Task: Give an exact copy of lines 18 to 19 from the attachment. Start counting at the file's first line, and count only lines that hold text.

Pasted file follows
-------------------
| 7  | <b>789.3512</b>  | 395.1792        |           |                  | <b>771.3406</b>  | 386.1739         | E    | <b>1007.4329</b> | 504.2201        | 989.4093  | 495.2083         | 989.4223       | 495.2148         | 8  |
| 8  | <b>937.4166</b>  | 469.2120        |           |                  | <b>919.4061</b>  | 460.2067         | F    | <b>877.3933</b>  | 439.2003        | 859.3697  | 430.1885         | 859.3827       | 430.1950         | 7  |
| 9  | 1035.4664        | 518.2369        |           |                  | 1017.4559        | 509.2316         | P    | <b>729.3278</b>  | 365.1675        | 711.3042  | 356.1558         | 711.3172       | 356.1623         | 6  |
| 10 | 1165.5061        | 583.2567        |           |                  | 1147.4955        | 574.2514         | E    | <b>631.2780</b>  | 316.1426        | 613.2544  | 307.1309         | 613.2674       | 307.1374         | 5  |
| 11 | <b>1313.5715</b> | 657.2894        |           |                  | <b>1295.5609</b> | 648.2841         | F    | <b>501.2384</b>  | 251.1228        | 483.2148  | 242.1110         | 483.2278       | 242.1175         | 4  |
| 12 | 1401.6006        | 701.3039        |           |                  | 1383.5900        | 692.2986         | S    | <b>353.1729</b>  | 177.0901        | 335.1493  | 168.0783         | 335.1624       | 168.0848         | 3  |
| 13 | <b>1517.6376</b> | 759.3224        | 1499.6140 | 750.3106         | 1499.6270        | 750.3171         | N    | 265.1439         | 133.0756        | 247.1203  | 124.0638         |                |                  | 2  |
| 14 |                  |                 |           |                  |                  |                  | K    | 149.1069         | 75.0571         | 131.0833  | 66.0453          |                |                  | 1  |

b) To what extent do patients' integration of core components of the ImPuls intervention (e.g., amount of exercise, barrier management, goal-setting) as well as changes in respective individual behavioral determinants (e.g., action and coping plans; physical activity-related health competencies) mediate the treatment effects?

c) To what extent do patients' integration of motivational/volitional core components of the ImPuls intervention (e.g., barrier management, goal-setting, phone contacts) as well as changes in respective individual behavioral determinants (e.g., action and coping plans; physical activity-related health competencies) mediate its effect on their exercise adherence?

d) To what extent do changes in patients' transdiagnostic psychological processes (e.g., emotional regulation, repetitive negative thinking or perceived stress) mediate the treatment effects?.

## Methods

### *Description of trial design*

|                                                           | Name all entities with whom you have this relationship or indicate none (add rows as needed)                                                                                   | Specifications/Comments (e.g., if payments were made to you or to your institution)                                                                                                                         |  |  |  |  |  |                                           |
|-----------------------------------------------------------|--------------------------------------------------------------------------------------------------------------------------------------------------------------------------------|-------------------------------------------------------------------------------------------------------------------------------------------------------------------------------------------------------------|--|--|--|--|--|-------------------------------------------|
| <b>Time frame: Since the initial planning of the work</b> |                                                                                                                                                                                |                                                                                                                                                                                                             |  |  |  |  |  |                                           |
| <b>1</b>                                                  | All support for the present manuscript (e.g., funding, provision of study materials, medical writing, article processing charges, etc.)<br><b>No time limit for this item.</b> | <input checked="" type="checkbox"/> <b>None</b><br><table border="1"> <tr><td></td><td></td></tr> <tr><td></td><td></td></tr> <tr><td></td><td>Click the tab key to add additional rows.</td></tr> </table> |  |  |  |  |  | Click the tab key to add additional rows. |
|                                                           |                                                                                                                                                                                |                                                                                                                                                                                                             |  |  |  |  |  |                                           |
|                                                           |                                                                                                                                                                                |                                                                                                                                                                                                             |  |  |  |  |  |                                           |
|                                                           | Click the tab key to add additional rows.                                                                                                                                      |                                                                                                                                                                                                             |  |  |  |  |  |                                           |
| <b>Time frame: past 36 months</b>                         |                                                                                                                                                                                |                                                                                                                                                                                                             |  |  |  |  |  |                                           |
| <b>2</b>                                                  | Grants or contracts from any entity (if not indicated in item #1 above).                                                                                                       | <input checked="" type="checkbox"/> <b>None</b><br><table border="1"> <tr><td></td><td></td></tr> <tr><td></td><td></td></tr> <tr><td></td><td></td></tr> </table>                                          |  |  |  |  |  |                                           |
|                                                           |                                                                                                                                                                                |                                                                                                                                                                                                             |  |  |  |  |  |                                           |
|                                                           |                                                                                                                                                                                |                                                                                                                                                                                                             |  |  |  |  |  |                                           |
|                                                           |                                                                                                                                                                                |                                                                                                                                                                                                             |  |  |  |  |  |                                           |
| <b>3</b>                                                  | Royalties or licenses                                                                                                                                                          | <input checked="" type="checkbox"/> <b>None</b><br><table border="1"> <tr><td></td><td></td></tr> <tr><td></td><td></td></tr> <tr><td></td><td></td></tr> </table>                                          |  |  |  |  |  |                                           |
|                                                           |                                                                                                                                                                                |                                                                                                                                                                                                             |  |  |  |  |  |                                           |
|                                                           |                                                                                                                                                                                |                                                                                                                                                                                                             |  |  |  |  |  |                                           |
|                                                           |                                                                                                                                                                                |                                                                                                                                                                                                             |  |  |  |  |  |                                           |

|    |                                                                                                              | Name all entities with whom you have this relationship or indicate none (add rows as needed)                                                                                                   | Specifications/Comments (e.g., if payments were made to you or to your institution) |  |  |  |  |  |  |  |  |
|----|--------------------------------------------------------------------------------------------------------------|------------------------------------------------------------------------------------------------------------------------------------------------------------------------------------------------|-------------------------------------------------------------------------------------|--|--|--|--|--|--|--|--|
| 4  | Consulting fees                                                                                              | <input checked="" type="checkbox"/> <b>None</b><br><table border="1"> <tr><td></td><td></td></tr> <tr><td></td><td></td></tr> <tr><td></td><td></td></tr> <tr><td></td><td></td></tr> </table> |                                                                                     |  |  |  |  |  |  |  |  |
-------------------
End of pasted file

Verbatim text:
|                                                           |                                                                                                                                                                                |                                                                                                                                                                                                             |  |  |  |  |  |                                           |
|                                                           |                                                                                                                                                                                |                                                                                                                                                                                                             |  |  |  |  |  |                                           |